Advanced Micro Devices, Inc. (NASDAQ:AMD) has amazed Wall Street with its reemergence as one of the hot stocks. Once known as the archrival of Intel Corporation (NASDAQ:INTC), AMD stock traded below $2 per share as late as 2015, as the PC market declined. However, the company has come back as a graphics chip company and now finds itself with a new archrival. This dichotomy makes the AMD stock buy-or-sell dilemma all the more interesting.
However, while investors are impressed with the company’s ability to compete, they are also frustrated by the company’s seeming inability to outcompete. Lower pricing and perception of inferior quality has remained with AMD for decades. Hence, evaluating AMD means looking at its positives and negatives and, from there, determining whether AMD stock stands as a worthwhile investment.
Pro — AMD Holds a Second-Place Status in Its Industry
As I mentioned in an earlier article, the legendary former CEO of General Electric Company (NYSE:GE) Jack Welch believed that winning companies ranked first or second in their industry. For most of its history, AMD held a second-place position behind Intel selling processors in the PC market. Though Intel holds its status as the world’s largest chipmaker to this day, AMD carved out a niche and offered an alternative to customers who did not want Intel processors.
Today, AMD has emerged as the second-place player in graphics chips behind Nvidia Corporation (NASDAQ:NVDA). With the decline in PCs and the rise in artificial intelligence (AI) and virtual reality (VR), AMD switched its focus to graphics chips. AMD’s Radeon series graphics cards have proven themselves as a viable alternative.
Con — AMD Holds a Second-Place Status in Its Industry
The belief that AMD has lagged in quality has persisted through most of its history. Throughout the PC era, AMD was known for offering lower-cost processors. Despite the cost advantage, AMD was never able to threaten Intel’s market dominance. To AMD’s credit, it has closed most of that gap today. Unfortunately for AMD, PCs have become a less important part of the chip market.
Today, the focus lies more on graphics processors, and Nvidia has emerged as AMD’s primary and supposedly superior rival. Most would regard moving into second place as an impressive accomplishment in itself. However, the specter of second place still haunts AMD in this battle as well. In the contest over which graphics cards are the best, Nvidia wins in most categories.
Pro — AMD Stock Has Lower Valuations
AMD trades at a forward price-to-earnings (PE) ratio of 23. Market leader NVDA has fallen about 9% from its 52-week highs. Despite that, its forward PE stands at about 35. AMD also enjoys a slight edge in profit growth percentage. Still, profit growth for both companies is well into the double-digits, and AMD recently emerged from multiple years of losses, as it made its transition to a graphics chip company. Regarding which graphics chip company to buy, AMD stands as the better bargain.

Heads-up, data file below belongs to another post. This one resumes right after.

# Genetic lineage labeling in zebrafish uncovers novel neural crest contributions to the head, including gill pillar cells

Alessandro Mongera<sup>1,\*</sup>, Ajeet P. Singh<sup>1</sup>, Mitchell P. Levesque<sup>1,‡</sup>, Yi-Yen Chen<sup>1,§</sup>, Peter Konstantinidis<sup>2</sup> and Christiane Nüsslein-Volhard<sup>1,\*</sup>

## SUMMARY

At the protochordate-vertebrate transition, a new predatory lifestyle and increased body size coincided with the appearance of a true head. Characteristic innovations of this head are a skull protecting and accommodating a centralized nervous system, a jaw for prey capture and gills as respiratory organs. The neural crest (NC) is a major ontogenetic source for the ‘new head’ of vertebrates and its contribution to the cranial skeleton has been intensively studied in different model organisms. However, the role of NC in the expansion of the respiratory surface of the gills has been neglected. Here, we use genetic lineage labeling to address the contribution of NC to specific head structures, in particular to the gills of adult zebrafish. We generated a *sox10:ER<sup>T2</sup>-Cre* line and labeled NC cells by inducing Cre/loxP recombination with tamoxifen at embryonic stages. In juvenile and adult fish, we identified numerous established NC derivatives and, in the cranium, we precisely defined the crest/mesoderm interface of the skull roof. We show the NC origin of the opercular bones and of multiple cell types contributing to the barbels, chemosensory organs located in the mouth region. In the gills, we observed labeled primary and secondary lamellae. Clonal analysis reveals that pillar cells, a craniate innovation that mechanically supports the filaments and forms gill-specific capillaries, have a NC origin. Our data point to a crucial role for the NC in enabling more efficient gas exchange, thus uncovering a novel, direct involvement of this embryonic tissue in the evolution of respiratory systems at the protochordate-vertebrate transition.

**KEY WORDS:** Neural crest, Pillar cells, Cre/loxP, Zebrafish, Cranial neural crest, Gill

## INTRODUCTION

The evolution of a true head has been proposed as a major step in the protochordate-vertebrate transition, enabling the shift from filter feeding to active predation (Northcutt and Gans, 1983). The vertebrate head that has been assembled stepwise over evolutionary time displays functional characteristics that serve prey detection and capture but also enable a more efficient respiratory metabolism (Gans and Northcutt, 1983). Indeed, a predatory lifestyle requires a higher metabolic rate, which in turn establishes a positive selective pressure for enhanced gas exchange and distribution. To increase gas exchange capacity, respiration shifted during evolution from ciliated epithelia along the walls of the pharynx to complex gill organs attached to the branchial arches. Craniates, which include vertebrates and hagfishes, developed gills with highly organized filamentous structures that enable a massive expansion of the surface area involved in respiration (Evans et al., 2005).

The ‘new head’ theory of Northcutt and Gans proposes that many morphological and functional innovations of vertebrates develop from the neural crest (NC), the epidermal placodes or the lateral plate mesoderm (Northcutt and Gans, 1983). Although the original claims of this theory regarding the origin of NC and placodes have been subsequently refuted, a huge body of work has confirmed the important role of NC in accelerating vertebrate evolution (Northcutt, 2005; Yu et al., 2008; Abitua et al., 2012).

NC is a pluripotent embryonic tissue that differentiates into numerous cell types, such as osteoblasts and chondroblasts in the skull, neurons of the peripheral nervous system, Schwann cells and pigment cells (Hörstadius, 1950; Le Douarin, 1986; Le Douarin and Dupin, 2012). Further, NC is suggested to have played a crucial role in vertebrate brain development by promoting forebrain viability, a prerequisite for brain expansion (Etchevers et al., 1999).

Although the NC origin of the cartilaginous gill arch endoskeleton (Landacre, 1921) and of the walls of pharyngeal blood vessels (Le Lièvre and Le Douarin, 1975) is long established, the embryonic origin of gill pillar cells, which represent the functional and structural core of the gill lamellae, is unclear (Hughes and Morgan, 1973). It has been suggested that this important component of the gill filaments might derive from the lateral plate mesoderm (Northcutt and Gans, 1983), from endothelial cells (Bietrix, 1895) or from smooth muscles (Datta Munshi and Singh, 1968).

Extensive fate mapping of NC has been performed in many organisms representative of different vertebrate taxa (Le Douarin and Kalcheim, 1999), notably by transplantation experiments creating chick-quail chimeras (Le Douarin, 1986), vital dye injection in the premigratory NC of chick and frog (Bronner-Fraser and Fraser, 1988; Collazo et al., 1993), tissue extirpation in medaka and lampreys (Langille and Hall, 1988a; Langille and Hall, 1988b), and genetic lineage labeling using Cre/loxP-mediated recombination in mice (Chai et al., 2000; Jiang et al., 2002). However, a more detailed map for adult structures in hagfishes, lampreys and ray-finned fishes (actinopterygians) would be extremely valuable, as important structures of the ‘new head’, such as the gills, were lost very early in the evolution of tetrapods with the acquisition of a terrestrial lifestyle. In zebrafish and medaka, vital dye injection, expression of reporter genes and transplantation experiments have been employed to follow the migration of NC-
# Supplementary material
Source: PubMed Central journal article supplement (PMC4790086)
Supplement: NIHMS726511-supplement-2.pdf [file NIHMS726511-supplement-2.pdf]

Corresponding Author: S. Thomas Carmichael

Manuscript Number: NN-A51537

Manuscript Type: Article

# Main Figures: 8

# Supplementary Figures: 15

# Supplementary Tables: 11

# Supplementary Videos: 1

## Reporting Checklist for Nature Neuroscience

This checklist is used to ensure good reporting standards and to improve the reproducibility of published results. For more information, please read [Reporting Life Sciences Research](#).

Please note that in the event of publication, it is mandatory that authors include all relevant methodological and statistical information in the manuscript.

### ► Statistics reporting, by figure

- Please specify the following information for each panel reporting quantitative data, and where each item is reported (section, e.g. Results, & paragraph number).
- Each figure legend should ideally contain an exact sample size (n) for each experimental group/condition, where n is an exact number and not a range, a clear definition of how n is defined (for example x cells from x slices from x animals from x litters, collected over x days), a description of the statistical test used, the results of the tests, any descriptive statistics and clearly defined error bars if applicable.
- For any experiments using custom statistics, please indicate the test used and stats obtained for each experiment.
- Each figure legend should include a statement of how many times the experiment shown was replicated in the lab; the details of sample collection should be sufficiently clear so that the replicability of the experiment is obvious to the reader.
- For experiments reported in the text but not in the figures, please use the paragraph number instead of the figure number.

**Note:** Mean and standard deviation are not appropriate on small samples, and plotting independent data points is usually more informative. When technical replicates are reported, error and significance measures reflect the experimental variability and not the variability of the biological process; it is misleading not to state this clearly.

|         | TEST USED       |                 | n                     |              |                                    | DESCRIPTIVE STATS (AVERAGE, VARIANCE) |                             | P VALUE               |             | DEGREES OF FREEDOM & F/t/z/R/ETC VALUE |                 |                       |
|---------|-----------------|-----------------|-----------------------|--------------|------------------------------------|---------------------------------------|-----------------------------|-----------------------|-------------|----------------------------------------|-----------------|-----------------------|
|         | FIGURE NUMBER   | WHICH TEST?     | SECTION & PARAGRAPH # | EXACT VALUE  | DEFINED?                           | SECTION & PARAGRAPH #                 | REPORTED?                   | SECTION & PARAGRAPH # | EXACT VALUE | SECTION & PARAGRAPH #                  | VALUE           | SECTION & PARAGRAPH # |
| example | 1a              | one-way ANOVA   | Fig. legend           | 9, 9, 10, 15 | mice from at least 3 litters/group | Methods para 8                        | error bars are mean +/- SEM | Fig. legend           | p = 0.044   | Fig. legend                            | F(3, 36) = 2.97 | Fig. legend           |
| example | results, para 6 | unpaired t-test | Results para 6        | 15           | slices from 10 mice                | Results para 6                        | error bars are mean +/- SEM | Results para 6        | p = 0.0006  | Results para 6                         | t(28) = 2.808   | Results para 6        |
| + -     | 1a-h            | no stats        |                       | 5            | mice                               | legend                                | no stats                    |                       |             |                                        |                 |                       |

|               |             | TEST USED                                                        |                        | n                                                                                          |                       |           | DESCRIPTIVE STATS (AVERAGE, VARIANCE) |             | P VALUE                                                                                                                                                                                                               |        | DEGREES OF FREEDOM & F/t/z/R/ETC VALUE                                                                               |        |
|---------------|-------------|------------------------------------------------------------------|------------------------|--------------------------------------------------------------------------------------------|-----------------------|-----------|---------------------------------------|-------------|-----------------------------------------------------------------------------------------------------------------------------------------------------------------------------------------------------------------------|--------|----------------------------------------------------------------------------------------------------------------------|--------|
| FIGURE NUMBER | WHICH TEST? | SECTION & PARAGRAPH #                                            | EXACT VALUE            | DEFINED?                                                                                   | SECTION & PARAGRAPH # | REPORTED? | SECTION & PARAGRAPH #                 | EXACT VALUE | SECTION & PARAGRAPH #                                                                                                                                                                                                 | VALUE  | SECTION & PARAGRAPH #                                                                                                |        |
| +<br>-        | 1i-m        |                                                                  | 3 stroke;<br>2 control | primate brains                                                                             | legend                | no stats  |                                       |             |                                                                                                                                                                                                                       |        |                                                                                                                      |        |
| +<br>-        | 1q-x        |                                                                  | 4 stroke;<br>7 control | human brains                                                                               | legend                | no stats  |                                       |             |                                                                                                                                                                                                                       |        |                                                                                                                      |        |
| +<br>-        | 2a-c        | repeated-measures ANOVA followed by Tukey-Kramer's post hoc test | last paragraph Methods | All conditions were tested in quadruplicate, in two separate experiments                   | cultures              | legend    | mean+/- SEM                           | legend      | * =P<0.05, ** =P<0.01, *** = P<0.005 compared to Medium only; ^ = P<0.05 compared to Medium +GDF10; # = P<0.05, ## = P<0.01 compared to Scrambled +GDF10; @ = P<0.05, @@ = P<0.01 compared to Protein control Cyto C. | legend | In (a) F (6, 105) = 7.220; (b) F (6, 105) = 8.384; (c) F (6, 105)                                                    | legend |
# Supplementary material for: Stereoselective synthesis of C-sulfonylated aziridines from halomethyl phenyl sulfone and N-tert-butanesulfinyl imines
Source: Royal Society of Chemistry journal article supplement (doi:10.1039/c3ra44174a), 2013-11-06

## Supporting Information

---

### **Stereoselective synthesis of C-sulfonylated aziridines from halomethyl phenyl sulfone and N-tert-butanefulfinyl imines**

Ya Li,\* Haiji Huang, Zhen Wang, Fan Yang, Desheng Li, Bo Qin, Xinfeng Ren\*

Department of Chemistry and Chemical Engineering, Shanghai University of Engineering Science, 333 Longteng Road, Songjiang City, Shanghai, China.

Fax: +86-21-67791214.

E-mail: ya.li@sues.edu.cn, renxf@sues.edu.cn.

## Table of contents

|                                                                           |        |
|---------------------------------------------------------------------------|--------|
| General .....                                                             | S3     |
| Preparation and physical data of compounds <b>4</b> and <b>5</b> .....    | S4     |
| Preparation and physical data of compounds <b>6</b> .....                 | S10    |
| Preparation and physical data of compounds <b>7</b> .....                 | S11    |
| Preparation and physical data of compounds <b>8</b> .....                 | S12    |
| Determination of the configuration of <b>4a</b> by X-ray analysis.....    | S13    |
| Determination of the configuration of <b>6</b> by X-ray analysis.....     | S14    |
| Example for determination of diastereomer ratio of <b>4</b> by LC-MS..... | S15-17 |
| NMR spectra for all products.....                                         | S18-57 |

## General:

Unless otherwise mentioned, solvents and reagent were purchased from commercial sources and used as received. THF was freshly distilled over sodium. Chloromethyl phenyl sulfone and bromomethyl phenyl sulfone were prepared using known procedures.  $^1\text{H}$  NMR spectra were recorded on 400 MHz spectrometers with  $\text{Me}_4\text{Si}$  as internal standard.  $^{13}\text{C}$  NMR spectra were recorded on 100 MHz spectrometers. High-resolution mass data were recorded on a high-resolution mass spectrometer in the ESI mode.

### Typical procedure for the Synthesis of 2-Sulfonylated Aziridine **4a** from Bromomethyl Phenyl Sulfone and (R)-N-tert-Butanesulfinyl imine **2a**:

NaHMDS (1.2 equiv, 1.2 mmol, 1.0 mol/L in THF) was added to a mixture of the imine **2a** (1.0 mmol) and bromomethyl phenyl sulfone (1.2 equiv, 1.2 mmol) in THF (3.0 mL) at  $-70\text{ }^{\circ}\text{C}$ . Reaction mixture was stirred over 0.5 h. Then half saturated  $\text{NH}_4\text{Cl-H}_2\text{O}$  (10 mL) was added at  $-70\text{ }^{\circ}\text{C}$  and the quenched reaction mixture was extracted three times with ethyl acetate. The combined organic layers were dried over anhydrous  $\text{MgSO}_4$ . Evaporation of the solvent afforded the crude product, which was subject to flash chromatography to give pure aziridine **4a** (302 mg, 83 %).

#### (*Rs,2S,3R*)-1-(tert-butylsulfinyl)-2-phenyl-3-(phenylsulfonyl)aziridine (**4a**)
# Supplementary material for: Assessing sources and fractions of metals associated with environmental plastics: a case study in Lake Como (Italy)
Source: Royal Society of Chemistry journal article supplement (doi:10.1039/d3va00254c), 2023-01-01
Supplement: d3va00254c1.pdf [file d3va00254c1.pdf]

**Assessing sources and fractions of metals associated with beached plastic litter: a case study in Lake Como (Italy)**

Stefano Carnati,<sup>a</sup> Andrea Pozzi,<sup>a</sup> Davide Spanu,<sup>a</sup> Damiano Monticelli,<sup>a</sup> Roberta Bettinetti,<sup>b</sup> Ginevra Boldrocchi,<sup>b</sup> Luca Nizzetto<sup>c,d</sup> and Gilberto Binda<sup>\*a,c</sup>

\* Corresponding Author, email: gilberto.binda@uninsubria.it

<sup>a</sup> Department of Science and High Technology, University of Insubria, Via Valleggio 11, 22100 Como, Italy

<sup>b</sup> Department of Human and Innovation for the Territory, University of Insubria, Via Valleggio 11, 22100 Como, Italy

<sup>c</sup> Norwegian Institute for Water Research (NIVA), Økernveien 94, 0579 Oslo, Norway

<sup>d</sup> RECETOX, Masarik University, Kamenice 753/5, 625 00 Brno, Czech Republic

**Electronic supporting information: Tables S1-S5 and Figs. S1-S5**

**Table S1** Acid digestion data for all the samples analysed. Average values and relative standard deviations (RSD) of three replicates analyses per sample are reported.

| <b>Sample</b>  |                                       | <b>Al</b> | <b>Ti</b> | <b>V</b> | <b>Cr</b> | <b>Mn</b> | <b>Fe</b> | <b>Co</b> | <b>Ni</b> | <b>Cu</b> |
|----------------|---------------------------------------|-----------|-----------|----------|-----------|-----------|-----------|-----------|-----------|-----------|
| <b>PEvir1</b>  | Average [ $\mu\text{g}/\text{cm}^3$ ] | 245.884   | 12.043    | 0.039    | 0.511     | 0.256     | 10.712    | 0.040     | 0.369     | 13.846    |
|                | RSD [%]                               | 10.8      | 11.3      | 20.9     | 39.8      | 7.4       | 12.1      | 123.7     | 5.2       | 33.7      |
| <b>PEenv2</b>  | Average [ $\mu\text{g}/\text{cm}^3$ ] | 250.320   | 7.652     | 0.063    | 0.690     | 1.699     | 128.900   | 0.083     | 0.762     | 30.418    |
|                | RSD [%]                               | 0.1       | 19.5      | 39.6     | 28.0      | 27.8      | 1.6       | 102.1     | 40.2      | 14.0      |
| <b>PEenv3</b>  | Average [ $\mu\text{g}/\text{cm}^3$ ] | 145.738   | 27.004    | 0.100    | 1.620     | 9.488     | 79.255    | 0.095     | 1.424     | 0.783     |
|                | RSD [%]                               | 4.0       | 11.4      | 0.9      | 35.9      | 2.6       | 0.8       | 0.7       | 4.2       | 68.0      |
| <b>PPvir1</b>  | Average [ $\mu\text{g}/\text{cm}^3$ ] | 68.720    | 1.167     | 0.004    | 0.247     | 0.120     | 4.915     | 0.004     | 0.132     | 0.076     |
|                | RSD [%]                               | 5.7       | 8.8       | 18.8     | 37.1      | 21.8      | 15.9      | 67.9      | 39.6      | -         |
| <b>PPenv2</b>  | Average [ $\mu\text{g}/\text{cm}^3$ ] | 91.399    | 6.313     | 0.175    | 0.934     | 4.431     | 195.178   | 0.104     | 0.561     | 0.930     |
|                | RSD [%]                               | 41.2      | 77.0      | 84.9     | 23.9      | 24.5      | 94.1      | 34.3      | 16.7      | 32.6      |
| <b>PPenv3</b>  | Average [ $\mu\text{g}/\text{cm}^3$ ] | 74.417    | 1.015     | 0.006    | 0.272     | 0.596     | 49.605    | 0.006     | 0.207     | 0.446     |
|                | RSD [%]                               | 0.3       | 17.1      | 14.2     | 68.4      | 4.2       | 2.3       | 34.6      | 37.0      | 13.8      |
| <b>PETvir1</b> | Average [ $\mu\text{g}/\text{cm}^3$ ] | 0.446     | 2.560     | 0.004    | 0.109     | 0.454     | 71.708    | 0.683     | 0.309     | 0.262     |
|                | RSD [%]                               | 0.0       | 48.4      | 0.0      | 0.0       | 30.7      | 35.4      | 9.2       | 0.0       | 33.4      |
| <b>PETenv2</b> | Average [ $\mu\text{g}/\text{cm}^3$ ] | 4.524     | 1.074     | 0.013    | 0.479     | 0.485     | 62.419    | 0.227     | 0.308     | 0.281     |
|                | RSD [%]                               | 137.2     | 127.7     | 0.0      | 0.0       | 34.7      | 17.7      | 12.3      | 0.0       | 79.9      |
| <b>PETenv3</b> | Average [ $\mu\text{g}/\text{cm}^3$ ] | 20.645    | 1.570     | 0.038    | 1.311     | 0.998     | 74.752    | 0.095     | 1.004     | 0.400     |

Interestingly, AMD now commands a higher PE than its traditional archrival Intel Corp. Intel trades at a forward PE of about 13.6.
Con — AMD Stock Relies on Lower Pricing
One consequence of its second-place reputation relates to the requirement to attract business. Lower pricing has some advantages. Much of AMD’s lead in the cryptocurrency mining niche relates to a need for lower-cost processing power. Lower pricing also played a role in bringing PCs and graphics technologies to many who could not afford the higher-cost processors made by either Intel or Nvidia.
However, lower pricing also leads to lower gross margins. In the previous fiscal year, AMD saw gross margins of about 52%. Gross margins for NVDA came in at about 60%. I do not think AMD’s modestly lower gross margins bode poorly for the company. Still, I think they show why NVDA can command a higher valuation.
The Bottom Line on AMD Stock
Despite the similarities of pros and cons, I still fall on the pro side with AMD, namely because it has addressed most of its negatives. A few short years ago, prospects looked dim for AMD, as the decline in the PC market left little room for its processors. AMD reinvented itself and emerged as a leader in the graphics chip market.
While the second–place reputation makes this company both impressive and frustrating, it has proven itself a formidable competitor to Nvidia. AMD’s competitive threat forces both companies to innovate faster and better, which benefits all of us in the end.
AMD’s slightly lower gross margins may disappoint some investors. However, with faster profit growth and a forward PE that’s about one-third lower than that of Nvidia, I would rather own AMD stock at this juncture.
As of this writing, Will Healy did not hold a position in any of the aforementioned stocks.